"I'm just saying, you knew Valentine's Day was coming up. You could've saved up for something," I said, still feeling mousy-like, not realizing the bite in my soft-spoken words.

We rode the rest of the way home in silence and when his mother pulled into her parking space in the lot between our houses, I hopped out and headed for my door.

"Ray-Ray. You just gon' leave?" he said.

"Yeah. I'm tired," I said. What I meant was, your ass is tired.

"You're not even gon' take your card?"

"Oh. I forgot."

His mother shook her head.

"Ya'll gon' end up married," she said.

"Sonsyrea! You need to get in here in a hurry," my mother yelled from where she was standing at the back door.

I figured I was in for lecture number 999 because she had already complained about me spending too much time with that young man next door and what was I doing in his mother's car and if he wanted to make proper intentions on me, then he needed to have a talk with my father. I was in no mood for Ma's fantasy world right about now.

"I'm coming," I yelled back to her. "I'll get my folder from you tomorrow," I said to Ron, loud enough for him to know I was speaking for my mother's ears and so he wouldn't hand me his Valentine's gift, which I would have to explain.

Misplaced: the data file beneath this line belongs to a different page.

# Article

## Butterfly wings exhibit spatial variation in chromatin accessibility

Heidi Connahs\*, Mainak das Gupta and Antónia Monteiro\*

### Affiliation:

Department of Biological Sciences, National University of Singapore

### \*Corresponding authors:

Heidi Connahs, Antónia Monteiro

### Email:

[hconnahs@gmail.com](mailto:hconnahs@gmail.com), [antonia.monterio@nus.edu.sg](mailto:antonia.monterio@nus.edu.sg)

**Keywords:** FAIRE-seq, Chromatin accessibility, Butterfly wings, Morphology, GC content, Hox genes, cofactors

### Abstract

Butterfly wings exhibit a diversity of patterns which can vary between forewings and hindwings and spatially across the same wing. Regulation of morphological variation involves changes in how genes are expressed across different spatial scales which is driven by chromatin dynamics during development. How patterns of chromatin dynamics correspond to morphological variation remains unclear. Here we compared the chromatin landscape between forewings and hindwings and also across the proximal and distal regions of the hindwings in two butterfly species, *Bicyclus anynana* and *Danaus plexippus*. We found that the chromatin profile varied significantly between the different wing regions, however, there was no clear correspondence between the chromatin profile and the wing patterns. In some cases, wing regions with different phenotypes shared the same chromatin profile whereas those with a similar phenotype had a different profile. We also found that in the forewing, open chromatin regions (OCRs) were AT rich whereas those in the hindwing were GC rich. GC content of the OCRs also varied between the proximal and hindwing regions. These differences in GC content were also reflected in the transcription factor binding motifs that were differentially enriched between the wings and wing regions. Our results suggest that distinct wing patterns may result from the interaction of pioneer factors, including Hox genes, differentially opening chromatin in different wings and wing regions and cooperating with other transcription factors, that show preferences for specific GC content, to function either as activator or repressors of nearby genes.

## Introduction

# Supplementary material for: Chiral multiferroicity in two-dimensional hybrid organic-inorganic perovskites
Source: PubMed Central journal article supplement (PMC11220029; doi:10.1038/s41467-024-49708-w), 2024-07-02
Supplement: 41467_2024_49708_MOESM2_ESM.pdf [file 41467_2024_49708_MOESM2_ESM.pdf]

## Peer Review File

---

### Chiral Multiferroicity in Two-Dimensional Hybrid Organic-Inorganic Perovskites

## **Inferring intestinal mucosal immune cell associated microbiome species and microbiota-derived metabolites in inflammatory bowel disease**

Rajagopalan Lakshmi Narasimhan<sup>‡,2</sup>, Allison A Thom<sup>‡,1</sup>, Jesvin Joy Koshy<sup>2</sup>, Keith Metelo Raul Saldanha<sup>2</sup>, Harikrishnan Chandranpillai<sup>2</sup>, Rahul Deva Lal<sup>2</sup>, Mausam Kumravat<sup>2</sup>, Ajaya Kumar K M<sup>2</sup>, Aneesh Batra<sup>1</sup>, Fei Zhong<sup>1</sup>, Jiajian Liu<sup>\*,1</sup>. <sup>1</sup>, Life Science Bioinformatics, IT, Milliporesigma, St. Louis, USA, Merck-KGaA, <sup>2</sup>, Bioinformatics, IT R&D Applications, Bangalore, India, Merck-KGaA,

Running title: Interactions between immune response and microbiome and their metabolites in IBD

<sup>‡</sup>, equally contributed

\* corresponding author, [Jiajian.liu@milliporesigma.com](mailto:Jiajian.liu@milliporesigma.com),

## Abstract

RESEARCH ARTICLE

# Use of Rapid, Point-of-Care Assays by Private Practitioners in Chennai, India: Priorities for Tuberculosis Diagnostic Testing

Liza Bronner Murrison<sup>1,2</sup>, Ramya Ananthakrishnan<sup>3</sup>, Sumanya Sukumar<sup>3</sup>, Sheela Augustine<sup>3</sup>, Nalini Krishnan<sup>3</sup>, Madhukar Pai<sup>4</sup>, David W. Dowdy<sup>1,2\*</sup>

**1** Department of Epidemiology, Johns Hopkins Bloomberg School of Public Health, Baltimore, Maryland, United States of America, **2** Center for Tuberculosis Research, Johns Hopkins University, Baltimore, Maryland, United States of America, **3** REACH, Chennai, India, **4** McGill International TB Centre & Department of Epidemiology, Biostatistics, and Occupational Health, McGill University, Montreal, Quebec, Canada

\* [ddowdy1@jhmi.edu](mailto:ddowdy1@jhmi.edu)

The next time his mother picked both of us up from school, she asked me why I was keeping our relationship a secret from my mother.

"If you're ashamed of my son, then he needs to find somebody else to be with," she said. "My son is a good man, and he's gon' take real good care of you one day."

"I'm not supposed to have a boyfriend. So, I can't tell my mother," I explained, slumping in the backseat, Ron sitting up front.

"What you mean you can't have a boyfriend? Shit. Ain't this 'bout your second or third year in college? I heard of being strict, but goddamn. They gotta let you grow up at some time," she said.

"Ma, she don't need to hear all that. She don't like talking about it," Ron said.

"Well shit, ya'll better do something. What you think, you just gon' keep sneaking around? You know they say whatever is done in the dark gon' come out in the light."